In Part 3, Chapter 30 of White Noise, what is the significance of the counterpoint Winnie Richards offers in response to Dylar?

Jack Gladney's obsession with Dylar continues to grow, despite his knowledge of its side effects and the fact that Babette Gladney cheated on him to gain access to it. Winnie Richards cautions him by saying, "it's a mistake to lose one's sense of death, even one's fear of death." She sees death as a necessary "border" that makes life more beautiful and meaningful. Meaning is what Jack has continually searched for, while at the same time growing more fearful of his own looming mortality. Yet Winnie's point is significant, and she examines death's purpose in a much different way from how Jack, Babette, or Murray Siskind do. By her definition, fear of death is what gives "a precious texture to life." Don DeLillo uses Winnie as a foil to Jack in much the same way he uses Orest Mercator and Sister Hermann Marie as foils to Jack's beliefs about death and religion.

In Part 3, Chapter 33 of White Noise, what does Jack Gladney mean when he says of Dylar, "if I think it will help me, it will help me"?

This statement relates to Jack Gladney's question in Part 2, Chapter 21 of whether it is "possible to have a false perception of an illusion." Just as Denise and Steffie experienced side effects that felt real to them, even if they were brought on through the power of suggestion, Jack is reminding Denise that the power of belief can perhaps go both ways: "the power of suggestion makes some people sick, others well." The scene furthers Don DeLillo's exploration of the way in which changes in knowledge (including the phenomenon of cultural studies), technology, and drugs all contribute to the human inability to distinguish reality from illusion.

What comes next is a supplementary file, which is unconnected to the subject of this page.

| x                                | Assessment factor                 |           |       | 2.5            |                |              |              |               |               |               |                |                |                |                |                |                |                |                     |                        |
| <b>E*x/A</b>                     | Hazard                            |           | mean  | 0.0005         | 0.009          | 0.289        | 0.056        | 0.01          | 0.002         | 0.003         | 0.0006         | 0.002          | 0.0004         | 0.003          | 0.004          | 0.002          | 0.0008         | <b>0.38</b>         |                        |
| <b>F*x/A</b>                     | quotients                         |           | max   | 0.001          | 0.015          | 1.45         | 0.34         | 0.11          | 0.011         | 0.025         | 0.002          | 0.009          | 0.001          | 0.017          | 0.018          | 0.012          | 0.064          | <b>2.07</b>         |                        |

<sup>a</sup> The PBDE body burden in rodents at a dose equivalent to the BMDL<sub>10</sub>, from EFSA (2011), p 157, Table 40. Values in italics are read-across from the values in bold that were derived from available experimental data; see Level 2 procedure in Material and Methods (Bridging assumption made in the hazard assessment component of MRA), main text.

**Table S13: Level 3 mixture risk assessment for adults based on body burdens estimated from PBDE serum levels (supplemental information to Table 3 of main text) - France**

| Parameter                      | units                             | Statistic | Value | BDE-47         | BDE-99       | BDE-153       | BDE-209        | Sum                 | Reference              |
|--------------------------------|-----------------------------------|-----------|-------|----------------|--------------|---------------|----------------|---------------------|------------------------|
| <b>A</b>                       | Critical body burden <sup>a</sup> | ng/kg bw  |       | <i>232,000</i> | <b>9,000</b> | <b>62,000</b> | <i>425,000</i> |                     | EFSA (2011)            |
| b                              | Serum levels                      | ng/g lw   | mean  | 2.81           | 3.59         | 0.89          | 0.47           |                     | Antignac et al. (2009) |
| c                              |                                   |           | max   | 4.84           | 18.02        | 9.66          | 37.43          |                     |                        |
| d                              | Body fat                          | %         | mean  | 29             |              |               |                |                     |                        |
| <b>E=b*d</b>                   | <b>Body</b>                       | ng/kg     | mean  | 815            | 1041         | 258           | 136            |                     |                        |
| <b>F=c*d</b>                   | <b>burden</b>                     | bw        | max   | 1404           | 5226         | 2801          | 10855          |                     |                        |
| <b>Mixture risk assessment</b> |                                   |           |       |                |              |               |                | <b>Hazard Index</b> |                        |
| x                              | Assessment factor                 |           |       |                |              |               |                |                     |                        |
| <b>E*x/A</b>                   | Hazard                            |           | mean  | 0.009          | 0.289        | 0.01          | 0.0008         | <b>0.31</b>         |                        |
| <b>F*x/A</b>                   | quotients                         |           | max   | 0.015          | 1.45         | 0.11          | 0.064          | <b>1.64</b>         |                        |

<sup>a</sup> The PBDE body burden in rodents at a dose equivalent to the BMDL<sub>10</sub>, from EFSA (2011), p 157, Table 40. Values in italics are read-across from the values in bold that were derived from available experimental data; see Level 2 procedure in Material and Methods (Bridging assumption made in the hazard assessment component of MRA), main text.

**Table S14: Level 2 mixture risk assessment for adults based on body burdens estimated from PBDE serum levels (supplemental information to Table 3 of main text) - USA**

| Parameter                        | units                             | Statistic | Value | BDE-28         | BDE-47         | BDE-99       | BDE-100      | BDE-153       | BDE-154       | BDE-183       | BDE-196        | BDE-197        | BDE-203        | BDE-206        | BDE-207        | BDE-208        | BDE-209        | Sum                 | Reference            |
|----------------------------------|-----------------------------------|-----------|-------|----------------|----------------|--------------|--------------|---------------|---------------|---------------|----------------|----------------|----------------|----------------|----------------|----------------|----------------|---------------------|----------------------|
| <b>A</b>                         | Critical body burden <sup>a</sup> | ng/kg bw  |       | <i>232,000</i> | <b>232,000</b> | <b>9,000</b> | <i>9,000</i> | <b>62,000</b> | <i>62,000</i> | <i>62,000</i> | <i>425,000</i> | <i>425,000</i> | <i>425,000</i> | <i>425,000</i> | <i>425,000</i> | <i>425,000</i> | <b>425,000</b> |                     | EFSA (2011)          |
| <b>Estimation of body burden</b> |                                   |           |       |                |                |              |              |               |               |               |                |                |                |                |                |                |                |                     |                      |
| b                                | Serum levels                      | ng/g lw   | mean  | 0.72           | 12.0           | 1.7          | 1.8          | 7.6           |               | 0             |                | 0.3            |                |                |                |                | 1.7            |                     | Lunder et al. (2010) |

In Part 3, Chapter 34 of White Noise, how does Jack Gladney's examination of the family's garbage connect to the idea of "data" in the novel?

If the supermarket is full of fresh, gleaming psychic data, then the garbage is full of secret, hidden psychic data. Jack Gladney initially examines the trash in the hope of uncovering the Dylar that Denise claims she threw out, but in the process, he uncovers other hidden things about his family, yielding a new understanding that has always existed below the surface. Again, he is presented with information and "data" he must try to parse for meaning, in much the same way that Murray Siskind suggests the supermarket also presents a bombardment of senses and information people must make an effort to decode. Don DeLillo suggest that people's lives in the postmodern era are a constant source of information that must be decoded in order to have meaning.

In White Noise, in what ways does Wilder counteract Jack and Babette Gladney's fear of death?

A conversation about Wilder's innocence comes up between Jack Gladney and Murray Siskind in Part 3, Chapter 37, with Murray making the astute observation that Jack feels so good when he's with Wilder because Wilder "doesn't know he's going to die." In this revelation, Wilder stands in complete contrast to Jack and Babette Gladney, whose lives are nearly governed by their fear of death. Wilder is a reassurance to them, what Murray calls "a cloud of unknowing ... the adult nothing." Jack and Babette can experience innocence once again in Wilder's presence. Death is a foreign concept to Wilder; therefore, it can't be a reality.

In Part 3, Chapter 37 of White Noise, how does Murray Siskind's belief about plots compare to Jack Gladney's belief about plots?

Murray Siskind makes the claim "to plot is to live," which stands in direct opposition to Jack Gladney's earlier claim in Part 1, Chapter 6 that "all plots tend to move deathward." Murray goes on to say that "to plot is to affirm life, to seek shape and control." He means that by making choices and actions, one can shape the plot of his or her own life and gain a sense of control. This observation also lines up with Murray's later suggestion that Jack can be the "dier" or the "killer," suggesting that he be the latter and therefore take agency over his own life. In this way, Murray functions as a philosophical counterpoint to Jack, pointing out the flaws in his argument and offering him another path.